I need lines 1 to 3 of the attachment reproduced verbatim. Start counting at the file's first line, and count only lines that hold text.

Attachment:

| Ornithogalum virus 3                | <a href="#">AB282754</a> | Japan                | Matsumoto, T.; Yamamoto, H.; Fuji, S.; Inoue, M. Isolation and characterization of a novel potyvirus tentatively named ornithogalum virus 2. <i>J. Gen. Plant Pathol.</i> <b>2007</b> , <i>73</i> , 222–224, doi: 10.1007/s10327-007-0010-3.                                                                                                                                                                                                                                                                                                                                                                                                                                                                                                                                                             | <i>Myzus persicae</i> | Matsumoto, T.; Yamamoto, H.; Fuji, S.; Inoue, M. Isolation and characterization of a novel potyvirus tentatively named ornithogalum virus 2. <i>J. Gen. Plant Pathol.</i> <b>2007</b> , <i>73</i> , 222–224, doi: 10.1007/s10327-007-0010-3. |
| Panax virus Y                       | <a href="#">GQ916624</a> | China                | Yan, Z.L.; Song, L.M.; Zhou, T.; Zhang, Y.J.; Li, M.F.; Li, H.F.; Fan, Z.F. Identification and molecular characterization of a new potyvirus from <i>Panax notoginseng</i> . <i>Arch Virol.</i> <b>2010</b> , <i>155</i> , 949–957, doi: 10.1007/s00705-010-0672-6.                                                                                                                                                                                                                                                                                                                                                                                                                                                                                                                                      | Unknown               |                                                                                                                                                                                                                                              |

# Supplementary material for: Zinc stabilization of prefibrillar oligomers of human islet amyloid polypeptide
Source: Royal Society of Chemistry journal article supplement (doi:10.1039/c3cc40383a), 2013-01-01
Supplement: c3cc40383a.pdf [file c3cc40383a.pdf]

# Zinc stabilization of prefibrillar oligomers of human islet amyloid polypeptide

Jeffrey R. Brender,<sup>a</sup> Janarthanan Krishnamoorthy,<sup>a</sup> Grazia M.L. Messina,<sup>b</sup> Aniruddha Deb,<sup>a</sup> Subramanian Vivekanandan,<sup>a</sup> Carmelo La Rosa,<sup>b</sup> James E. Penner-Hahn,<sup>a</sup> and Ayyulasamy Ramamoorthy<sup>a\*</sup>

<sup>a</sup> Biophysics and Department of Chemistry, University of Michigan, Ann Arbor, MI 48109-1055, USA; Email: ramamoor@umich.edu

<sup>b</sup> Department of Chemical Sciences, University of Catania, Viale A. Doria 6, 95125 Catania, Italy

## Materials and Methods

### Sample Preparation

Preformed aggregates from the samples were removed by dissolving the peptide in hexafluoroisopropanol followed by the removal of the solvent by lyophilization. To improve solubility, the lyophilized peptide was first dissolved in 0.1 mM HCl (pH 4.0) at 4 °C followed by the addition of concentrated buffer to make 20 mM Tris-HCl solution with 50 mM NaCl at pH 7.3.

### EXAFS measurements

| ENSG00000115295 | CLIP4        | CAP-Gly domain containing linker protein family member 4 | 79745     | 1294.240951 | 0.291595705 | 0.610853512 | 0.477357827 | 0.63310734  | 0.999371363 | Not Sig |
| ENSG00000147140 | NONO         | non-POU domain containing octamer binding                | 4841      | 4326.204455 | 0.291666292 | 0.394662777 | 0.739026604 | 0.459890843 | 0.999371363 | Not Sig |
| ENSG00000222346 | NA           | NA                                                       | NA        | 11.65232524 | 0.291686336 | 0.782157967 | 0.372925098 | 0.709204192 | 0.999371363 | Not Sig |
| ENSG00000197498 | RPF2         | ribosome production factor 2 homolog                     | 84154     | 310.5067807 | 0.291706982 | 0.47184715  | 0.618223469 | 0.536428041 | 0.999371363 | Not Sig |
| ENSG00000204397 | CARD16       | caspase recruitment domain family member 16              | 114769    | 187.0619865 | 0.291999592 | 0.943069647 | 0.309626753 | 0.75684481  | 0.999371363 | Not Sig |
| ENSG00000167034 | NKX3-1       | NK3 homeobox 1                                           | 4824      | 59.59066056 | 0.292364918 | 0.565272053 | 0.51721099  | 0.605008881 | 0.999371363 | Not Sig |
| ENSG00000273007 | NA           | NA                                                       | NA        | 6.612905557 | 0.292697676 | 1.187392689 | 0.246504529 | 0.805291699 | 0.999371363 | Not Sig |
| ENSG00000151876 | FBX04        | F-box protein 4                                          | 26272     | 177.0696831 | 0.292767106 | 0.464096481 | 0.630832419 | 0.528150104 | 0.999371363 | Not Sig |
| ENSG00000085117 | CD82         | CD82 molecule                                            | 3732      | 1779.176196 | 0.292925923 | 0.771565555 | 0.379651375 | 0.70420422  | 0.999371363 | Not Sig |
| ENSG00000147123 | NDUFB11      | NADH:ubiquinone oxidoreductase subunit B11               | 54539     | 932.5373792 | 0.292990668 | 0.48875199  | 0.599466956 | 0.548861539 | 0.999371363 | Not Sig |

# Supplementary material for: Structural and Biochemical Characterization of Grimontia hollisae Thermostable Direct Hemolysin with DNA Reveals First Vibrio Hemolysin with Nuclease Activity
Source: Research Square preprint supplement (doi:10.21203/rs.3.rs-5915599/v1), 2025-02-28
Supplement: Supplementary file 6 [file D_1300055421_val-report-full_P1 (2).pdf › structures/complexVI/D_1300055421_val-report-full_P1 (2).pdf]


| Ornithogalum virus 3                | <a href="#">AB282754</a> | Japan                | Matsumoto, T.; Yamamoto, H.; Fuji, S.; Inoue, M. Isolation and characterization of a novel potyvirus tentatively named ornithogalum virus 2. <i>J. Gen. Plant Pathol.</i> <b>2007</b> , <i>73</i> , 222–224, doi: 10.1007/s10327-007-0010-3.                                                                                                                                                                                                                                                                                                                                                                                                                                                                                                                                                             | <i>Myzus persicae</i> | Matsumoto, T.; Yamamoto, H.; Fuji, S.; Inoue, M. Isolation and characterization of a novel potyvirus tentatively named ornithogalum virus 2. <i>J. Gen. Plant Pathol.</i> <b>2007</b> , <i>73</i> , 222–224, doi: 10.1007/s10327-007-0010-3. |
| Panax virus Y                       | <a href="#">GQ916624</a> | China                | Yan, Z.L.; Song, L.M.; Zhou, T.; Zhang, Y.J.; Li, M.F.; Li, H.F.; Fan, Z.F. Identification and molecular characterization of a new potyvirus from <i>Panax notoginseng</i> . <i>Arch Virol.</i> <b>2010</b> , <i>155</i> , 949–957, doi: 10.1007/s00705-010-0672-6.                                                                                                                                                                                                                                                                                                                                                                                                                                                                                                                                      | Unknown               |                                                                                                                                                                                                                                              |

# Supplementary material for: Zinc stabilization of prefibrillar oligomers of human islet amyloid polypeptide